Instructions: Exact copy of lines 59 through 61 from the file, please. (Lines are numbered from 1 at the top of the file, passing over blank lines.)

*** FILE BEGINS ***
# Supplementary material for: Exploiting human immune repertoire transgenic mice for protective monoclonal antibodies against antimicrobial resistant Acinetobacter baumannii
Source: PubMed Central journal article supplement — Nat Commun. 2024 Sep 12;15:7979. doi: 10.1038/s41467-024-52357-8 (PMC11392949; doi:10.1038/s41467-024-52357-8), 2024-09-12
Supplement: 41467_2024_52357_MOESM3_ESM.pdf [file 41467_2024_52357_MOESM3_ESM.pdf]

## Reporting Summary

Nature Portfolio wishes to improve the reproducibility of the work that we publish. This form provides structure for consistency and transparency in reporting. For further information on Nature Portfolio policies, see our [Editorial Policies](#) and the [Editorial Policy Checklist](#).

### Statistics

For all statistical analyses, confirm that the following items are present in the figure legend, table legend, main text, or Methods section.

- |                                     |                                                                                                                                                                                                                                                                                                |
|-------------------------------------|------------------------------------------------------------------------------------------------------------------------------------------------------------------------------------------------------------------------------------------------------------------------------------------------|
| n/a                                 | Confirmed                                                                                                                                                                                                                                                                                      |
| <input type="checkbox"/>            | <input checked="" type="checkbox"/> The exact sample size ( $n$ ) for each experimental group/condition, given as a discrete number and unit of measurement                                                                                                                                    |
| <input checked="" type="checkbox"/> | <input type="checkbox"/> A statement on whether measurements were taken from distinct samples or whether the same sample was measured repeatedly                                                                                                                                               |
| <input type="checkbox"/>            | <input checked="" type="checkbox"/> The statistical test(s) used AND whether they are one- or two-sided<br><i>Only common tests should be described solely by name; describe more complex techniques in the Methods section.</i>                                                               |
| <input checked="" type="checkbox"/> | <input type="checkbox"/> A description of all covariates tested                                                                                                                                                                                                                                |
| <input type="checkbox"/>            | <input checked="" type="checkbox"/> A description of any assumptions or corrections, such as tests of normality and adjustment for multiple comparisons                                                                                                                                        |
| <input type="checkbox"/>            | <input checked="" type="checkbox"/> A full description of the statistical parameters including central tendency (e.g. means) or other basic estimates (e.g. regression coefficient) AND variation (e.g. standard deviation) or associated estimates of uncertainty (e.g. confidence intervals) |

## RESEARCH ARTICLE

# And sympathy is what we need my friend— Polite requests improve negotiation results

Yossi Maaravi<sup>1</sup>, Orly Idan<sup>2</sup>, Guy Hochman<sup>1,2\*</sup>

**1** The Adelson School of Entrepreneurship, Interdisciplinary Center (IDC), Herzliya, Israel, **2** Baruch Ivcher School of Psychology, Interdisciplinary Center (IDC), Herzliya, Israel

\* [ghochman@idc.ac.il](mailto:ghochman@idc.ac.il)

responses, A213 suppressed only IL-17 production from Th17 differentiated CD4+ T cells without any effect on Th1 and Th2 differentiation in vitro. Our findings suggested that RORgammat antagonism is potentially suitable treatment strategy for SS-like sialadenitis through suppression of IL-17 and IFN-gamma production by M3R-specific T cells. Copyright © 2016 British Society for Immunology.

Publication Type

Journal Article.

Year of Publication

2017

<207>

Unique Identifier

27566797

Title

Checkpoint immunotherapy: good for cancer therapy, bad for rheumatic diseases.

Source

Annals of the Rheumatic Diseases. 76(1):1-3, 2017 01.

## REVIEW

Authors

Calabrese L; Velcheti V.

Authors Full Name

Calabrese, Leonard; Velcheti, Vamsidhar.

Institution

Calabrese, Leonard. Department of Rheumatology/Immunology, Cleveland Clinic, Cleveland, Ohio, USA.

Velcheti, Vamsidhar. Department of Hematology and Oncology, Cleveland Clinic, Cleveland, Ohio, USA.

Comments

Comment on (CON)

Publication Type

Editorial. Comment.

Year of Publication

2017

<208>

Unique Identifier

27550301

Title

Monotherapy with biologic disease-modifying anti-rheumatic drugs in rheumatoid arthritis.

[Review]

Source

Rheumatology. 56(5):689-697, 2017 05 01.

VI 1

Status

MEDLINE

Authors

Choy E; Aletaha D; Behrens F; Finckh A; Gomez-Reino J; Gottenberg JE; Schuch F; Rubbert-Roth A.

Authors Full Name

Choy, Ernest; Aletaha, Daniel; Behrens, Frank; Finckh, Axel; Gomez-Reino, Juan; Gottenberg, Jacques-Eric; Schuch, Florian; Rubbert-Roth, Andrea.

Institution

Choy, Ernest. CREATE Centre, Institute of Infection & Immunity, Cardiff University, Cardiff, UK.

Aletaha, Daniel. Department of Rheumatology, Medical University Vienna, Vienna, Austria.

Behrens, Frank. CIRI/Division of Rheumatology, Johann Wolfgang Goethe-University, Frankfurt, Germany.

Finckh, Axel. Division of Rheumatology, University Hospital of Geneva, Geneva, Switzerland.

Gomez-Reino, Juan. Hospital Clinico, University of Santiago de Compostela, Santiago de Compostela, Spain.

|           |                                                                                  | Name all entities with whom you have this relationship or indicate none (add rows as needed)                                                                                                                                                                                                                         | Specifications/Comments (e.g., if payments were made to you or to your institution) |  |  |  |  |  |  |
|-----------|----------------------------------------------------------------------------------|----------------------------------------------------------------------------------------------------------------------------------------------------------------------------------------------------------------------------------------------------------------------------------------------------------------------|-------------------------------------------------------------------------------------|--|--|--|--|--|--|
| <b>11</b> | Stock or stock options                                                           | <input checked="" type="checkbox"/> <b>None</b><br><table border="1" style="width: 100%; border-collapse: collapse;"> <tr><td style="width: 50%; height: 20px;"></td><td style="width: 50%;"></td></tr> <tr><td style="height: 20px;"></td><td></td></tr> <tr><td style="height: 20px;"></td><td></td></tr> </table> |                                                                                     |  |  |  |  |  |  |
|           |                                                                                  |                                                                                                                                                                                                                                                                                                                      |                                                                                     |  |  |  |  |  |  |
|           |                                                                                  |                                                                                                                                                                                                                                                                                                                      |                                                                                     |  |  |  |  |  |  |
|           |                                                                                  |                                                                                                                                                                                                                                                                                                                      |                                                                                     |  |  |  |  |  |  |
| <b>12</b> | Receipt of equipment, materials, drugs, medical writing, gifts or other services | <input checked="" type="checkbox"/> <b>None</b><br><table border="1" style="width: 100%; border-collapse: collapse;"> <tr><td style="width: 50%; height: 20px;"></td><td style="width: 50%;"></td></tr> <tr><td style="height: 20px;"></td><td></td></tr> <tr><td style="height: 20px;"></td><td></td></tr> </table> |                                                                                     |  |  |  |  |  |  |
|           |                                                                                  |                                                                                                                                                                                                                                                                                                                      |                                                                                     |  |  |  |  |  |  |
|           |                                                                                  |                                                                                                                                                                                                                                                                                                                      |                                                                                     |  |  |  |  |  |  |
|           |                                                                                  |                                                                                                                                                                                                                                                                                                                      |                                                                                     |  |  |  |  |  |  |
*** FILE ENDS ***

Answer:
Authors

Choy E; Aletaha D; Behrens F; Finckh A; Gomez-Reino J; Gottenberg JE; Schuch F; Rubbert-Roth A.

Authors Full Name